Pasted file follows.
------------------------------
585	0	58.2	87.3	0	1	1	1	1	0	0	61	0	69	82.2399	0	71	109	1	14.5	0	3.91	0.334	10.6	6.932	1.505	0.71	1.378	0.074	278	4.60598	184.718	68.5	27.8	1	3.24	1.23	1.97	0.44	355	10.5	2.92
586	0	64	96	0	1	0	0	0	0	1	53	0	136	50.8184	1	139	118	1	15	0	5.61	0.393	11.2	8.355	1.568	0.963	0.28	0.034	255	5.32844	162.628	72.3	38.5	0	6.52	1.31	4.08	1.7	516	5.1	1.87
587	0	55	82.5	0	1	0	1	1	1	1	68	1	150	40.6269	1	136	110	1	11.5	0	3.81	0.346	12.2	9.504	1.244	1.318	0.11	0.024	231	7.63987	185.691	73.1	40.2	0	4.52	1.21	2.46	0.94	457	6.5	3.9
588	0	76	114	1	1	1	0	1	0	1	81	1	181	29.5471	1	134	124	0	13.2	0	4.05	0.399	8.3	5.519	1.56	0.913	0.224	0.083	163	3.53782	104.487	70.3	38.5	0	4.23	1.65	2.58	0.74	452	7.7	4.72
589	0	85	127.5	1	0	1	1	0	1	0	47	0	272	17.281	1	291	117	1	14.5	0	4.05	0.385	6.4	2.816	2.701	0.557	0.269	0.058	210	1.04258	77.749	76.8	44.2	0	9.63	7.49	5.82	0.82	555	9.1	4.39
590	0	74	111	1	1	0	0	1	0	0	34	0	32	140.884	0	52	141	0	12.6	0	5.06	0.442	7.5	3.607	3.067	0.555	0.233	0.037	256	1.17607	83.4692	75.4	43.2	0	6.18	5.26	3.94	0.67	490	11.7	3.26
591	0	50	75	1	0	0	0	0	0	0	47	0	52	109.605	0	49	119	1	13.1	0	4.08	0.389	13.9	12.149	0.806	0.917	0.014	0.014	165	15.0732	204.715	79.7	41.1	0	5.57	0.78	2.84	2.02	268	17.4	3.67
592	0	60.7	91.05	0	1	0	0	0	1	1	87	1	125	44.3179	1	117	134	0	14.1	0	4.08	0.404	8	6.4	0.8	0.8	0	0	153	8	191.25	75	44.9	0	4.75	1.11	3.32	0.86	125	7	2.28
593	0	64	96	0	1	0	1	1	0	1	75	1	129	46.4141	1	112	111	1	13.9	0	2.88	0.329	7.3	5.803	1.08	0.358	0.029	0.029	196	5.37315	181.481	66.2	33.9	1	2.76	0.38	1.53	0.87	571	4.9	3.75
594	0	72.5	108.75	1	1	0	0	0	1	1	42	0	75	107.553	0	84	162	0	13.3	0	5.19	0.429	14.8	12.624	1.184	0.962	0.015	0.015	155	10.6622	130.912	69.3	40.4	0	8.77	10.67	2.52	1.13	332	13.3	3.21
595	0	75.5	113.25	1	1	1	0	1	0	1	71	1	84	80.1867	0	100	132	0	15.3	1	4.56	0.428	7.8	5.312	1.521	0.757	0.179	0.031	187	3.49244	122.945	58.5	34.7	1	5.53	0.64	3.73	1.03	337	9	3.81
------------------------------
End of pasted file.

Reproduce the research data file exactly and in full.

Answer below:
585	0	58.2	87.3	0	1	1	1	1	0	0	61	0	69	82.2399	0	71	109	1	14.5	0	3.91	0.334	10.6	6.932	1.505	0.71	1.378	0.074	278	4.60598	184.718	68.5	27.8	1	3.24	1.23	1.97	0.44	355	10.5	2.92
586	0	64	96	0	1	0	0	0	0	1	53	0	136	50.8184	1	139	118	1	15	0	5.61	0.393	11.2	8.355	1.568	0.963	0.28	0.034	255	5.32844	162.628	72.3	38.5	0	6.52	1.31	4.08	1.7	516	5.1	1.87
587	0	55	82.5	0	1	0	1	1	1	1	68	1	150	40.6269	1	136	110	1	11.5	0	3.81	0.346	12.2	9.504	1.244	1.318	0.11	0.024	231	7.63987	185.691	73.1	40.2	0	4.52	1.21	2.46	0.94	457	6.5	3.9
588	0	76	114	1	1	1	0	1	0	1	81	1	181	29.5471	1	134	124	0	13.2	0	4.05	0.399	8.3	5.519	1.56	0.913	0.224	0.083	163	3.53782	104.487	70.3	38.5	0	4.23	1.65	2.58	0.74	452	7.7	4.72
589	0	85	127.5	1	0	1	1	0	1	0	47	0	272	17.281	1	291	117	1	14.5	0	4.05	0.385	6.4	2.816	2.701	0.557	0.269	0.058	210	1.04258	77.749	76.8	44.2	0	9.63	7.49	5.82	0.82	555	9.1	4.39
590	0	74	111	1	1	0	0	1	0	0	34	0	32	140.884	0	52	141	0	12.6	0	5.06	0.442	7.5	3.607	3.067	0.555	0.233	0.037	256	1.17607	83.4692	75.4	43.2	0	6.18	5.26	3.94	0.67	490	11.7	3.26
591	0	50	75	1	0	0	0	0	0	0	47	0	52	109.605	0	49	119	1	13.1	0	4.08	0.389	13.9	12.149	0.806	0.917	0.014	0.014	165	15.0732	204.715	79.7	41.1	0	5.57	0.78	2.84	2.02	268	17.4	3.67
592	0	60.7	91.05	0	1	0	0	0	1	1	87	1	125	44.3179	1	117	134	0	14.1	0	4.08	0.404	8	6.4	0.8	0.8	0	0	153	8	191.25	75	44.9	0	4.75	1.11	3.32	0.86	125	7	2.28
593	0	64	96	0	1	0	1	1	0	1	75	1	129	46.4141	1	112	111	1	13.9	0	2.88	0.329	7.3	5.803	1.08	0.358	0.029	0.029	196	5.37315	181.481	66.2	33.9	1	2.76	0.38	1.53	0.87	571	4.9	3.75
594	0	72.5	108.75	1	1	0	0	0	1	1	42	0	75	107.553	0	84	162	0	13.3	0	5.19	0.429	14.8	12.624	1.184	0.962	0.015	0.015	155	10.6622	130.912	69.3	40.4	0	8.77	10.67	2.52	1.13	332	13.3	3.21
595	0	75.5	113.25	1	1	1	0	1	0	1	71	1	84	80.1867	0	100	132	0	15.3	1	4.56	0.428	7.8	5.312	1.521	0.757	0.179	0.031	187	3.49244	122.945	58.5	34.7	1	5.53	0.64	3.73	1.03	337	9	3.81